When writing a story we must provide enough background information for the reader to get their bearings. If not they get lost in what is going on and can’t understand the story. The worst way to do this is to have the narrator fill the reader in through paragraphs of exposition, called an information dump. This, unfortunately, many of us have slogged through before. It isn’t pleasant. Readers and editors will often stop reading if it feels like a history text book.
There are several good ways to provide background information to the reader without bogging down the story in exposition. One I really like is the noob.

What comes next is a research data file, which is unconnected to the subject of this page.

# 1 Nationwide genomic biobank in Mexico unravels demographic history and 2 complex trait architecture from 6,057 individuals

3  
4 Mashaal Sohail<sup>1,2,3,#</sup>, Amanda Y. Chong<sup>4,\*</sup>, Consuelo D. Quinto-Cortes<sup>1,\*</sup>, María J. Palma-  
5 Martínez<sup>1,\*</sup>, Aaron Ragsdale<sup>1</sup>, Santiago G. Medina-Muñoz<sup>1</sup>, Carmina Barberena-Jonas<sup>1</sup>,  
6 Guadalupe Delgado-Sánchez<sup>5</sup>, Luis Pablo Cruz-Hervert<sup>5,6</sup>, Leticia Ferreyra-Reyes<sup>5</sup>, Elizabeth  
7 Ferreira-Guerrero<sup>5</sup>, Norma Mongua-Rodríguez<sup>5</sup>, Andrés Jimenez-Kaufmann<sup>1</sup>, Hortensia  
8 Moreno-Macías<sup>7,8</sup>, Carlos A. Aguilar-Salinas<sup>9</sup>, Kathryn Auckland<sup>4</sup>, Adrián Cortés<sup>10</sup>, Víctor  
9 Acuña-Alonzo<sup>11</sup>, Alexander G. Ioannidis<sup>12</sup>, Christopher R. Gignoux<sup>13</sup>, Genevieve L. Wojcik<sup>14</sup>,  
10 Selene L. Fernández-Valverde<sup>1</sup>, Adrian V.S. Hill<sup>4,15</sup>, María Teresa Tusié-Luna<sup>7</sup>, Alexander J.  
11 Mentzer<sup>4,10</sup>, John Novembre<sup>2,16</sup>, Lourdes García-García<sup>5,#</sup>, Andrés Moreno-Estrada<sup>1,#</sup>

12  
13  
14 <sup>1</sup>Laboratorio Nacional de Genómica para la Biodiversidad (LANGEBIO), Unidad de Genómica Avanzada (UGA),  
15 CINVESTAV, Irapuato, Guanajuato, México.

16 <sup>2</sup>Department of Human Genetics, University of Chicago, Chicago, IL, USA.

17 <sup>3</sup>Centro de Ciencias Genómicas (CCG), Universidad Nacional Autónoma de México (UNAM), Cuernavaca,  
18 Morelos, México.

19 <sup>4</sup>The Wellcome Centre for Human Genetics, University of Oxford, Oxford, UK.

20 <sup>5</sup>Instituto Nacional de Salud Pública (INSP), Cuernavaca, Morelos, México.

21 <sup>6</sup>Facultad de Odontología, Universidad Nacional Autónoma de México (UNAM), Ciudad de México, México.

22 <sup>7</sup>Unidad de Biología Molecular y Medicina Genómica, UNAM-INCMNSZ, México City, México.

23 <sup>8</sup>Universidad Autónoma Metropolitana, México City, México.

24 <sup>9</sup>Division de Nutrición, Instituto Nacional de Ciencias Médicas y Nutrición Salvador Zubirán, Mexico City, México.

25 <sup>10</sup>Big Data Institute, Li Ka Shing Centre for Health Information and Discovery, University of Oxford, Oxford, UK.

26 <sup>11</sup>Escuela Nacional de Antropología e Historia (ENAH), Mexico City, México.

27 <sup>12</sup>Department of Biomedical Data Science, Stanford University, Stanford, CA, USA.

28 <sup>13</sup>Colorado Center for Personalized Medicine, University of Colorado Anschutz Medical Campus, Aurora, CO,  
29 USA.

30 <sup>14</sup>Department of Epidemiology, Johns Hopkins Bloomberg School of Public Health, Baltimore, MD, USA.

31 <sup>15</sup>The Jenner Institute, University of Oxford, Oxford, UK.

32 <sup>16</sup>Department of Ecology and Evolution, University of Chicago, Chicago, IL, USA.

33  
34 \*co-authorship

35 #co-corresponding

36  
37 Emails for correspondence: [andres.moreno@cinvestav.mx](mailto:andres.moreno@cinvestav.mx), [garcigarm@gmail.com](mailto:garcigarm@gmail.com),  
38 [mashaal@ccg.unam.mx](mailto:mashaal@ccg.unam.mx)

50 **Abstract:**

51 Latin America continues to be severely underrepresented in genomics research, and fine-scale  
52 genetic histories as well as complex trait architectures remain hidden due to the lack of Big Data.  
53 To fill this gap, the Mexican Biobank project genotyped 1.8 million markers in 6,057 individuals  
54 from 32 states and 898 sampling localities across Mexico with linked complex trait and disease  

The noob is the character who is new to the situation, like the reader. The more seasoned characters have to tell them what it going on. The trap to avoid is having the experienced character info dump to the noob. The noob is like a baby, they must be spoon fed little by little, because their stomachs are so small. Giving just enough information to get through the current scene.
The Noob can be the main character. This is often done in a “Hero’s journey” type of story. Look Star Wars. In the first movie, A New Hope, Luke knows nothing of the Jedi Knights and not much about the rebellion. First Obi-Wan teaches him and we, the viewer, learn along with him. He also learns from Han and Leia.
The Noob can be a secondary character. In the more recent movie, Fantastic beasts and Where to Find Them, Kowalski is the Noob who gives Newt the chance to explain things to.
So go out and develop your inner Noob